The Good The new 12-inch MacBook adds an advanced keyboard mechanism from the MacBook Pro line. New processor and RAM options mean better performance.
The Bad Little else has changed, including the absence of ports beyond a single USB-C connection. You still can’t get more powerful Intel core processors.
The Bottom Line This slim favorite mini-MacBook suddenly feels like it could be your everyday laptop.
Full disclosure: I have had a strong commitment to the 12-inch MacBook since it was first introduced in 2015. I’m sure he was underrated and had a disgustingly flat keyboard. And it had only one USB-C port – still an exotic novelty – both for power and data. But I liked how thin and light it was, its great high resolution display, and how I could get all the useful features of OS X (now called macOS) in something so simple to take away and carry with me.
However, this was not for everyone. Longform printers would be shut down due to the lack of tactile feedback from the shallow keyboard, its Core M processor could hear even when only a bunch of web browser tabs were running, and everything from USB keys to HDMI cables now needed to use many keys.
Still, I persist. At the beginning of 2016, I realized how grown up I was as this unusual laptop. I wrote:
“Despite testing and using just about every new laptop or 2-in-1 hybrid released in the last year, I find myself going back to the 12-inch MacBook again and again, which was my default for those times when I needed a laptop which is quick and easy to pick up and use.The MacBook has the same magical quality as the iPad did, which is that it provides the perfect living room sofa because it is lightweight, comes to life when I lift the lid, and is small enough so as not to disturb “.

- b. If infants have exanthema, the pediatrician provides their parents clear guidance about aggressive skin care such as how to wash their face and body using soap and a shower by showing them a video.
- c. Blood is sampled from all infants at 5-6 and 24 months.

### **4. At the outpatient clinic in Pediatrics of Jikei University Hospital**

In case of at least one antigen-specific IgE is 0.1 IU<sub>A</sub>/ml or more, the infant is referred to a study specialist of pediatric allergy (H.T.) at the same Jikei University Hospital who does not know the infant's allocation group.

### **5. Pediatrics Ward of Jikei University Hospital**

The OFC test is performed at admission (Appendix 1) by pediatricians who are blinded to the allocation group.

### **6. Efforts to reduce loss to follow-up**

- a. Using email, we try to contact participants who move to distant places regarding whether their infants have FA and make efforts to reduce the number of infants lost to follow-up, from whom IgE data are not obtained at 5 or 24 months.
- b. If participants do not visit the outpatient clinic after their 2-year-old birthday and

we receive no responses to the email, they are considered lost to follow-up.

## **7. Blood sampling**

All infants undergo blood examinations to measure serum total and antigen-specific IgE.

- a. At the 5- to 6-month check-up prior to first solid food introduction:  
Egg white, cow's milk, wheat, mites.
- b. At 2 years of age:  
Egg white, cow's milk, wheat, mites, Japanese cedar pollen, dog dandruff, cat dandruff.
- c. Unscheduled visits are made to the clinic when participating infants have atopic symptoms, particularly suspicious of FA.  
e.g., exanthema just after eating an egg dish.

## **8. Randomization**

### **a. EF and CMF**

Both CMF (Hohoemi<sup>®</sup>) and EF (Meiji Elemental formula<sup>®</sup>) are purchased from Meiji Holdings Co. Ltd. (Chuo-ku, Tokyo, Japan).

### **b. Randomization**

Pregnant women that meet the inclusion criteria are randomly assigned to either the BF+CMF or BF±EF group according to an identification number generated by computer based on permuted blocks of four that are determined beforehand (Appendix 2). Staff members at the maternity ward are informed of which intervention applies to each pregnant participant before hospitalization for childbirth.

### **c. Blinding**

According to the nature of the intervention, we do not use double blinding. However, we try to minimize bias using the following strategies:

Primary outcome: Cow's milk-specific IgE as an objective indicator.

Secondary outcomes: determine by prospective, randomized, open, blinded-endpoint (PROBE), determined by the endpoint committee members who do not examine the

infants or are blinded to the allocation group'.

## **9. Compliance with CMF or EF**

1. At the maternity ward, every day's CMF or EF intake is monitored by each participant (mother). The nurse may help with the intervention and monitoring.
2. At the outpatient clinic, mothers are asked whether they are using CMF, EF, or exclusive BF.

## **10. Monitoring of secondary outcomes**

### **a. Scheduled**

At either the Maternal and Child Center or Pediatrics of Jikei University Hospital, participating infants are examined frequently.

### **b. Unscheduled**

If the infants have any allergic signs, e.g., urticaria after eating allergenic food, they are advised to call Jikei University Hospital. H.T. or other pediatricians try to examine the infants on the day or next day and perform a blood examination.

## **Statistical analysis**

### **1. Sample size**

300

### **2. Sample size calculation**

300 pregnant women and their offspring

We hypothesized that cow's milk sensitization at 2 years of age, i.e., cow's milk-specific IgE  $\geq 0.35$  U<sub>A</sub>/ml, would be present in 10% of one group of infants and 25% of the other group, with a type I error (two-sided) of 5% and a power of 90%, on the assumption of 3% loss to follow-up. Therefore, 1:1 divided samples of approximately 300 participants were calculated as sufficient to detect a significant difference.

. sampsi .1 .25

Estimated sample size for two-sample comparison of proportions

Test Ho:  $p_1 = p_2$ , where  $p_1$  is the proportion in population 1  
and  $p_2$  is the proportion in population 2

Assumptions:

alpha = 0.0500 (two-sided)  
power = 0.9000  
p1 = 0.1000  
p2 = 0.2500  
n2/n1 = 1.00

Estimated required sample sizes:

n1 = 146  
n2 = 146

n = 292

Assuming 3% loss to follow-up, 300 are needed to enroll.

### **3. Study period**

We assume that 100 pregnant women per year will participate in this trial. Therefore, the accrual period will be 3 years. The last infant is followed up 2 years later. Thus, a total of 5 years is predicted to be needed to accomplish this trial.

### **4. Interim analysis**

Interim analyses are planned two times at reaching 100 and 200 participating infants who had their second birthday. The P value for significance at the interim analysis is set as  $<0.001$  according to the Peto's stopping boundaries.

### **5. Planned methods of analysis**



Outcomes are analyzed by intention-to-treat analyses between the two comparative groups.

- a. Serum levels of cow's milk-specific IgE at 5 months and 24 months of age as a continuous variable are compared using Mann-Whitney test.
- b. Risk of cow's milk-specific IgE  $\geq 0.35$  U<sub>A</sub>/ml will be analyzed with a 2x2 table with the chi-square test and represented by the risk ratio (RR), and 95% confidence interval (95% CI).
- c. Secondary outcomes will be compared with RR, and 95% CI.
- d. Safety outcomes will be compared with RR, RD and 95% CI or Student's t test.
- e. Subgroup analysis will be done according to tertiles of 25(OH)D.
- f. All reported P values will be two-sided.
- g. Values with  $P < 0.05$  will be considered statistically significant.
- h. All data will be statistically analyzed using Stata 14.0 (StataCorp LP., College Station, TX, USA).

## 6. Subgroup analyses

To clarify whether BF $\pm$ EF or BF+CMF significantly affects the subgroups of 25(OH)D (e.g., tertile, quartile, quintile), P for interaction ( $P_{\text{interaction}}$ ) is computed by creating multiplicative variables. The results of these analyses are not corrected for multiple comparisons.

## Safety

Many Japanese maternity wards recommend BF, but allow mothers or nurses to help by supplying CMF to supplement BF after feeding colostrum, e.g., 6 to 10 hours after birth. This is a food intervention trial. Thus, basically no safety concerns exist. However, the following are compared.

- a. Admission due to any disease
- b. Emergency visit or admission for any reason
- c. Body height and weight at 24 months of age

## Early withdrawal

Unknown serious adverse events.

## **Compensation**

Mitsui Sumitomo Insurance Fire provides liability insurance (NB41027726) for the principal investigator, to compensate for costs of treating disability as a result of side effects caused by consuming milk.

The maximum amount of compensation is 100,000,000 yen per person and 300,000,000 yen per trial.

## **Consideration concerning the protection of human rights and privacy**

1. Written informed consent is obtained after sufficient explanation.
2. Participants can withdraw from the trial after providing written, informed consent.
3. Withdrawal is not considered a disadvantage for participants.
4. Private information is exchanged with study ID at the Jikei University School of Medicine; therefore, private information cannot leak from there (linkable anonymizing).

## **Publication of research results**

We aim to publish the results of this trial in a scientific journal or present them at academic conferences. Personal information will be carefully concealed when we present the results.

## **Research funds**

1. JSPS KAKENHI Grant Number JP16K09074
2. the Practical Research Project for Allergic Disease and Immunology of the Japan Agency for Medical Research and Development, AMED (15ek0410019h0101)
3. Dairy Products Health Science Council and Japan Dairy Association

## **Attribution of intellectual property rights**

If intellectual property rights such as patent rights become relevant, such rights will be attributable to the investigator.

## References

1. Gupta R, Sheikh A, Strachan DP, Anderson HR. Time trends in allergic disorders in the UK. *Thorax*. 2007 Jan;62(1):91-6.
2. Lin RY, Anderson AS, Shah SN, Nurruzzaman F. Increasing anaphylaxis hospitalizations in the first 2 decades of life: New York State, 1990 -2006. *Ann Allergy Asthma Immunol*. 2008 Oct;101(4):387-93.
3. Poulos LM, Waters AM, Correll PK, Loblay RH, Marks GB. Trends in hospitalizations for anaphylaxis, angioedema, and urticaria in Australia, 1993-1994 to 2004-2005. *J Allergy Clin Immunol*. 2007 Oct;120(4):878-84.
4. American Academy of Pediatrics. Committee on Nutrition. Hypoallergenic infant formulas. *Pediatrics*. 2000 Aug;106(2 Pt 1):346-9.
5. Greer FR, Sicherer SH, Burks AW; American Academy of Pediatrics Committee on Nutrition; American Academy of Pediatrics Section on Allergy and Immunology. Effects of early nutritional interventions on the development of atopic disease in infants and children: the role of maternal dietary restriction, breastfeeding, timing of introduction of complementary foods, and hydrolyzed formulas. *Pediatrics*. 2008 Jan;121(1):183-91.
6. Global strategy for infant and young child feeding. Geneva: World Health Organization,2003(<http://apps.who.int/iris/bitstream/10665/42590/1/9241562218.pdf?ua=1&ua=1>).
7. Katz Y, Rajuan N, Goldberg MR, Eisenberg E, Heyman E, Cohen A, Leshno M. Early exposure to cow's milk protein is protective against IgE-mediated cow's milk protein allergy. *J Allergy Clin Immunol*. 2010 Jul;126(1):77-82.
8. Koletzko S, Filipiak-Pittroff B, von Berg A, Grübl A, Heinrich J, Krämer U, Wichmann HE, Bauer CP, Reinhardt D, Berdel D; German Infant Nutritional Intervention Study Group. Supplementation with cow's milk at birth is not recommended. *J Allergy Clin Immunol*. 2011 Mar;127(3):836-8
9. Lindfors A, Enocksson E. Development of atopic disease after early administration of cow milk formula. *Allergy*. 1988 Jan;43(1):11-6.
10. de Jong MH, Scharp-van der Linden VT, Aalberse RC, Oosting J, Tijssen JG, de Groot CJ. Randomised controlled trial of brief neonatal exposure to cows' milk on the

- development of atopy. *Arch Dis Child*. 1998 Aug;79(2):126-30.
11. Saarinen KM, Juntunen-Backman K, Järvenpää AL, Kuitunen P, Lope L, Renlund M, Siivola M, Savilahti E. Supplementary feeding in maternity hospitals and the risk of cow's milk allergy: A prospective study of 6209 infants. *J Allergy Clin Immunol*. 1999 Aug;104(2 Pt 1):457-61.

The second generation since early 2016 added slightly more than a slightly faster processor, essentially the same handset. Still a good, but still niche product for those who might live within its mechanical limitations.
Now, in the third version of the 12-inch MacBook presented at the Apple WWDC 2017 conference, the MacBook is confidently moving from a favorite cult to the main machine. A series of internal updates make a world of difference and should make it easier to choose a MacBook compared to the larger MacBook Pro or the still outdated MacBook Air.
Apple MacBook (2017)
|Price as reviewed||$1,300|
|Display size/resolution||12-inch 2,304 x 1,440 display|
|PC CPU||1.2GHz Intel Core m3-7Y32|
|PC Memory||8GB DDR3 SDRAM 1,866MHz|
|Graphics||1,536MB Intel HD Graphics 615|
|Networking||802.11ac Wi-Fi wireless; Bluetooth 4.2|
|Operating system||MacOS 10.12.5 Sierra|
The more things change
Let’s first get out of things a few things. The MacBook case doesn’t change, along with the size and resolution of the display. If it didn’t work for you before, it won’t work now. A more in-depth study of the design of the MacBook can be found in my review of the 2016 version, which is physically identical to this one.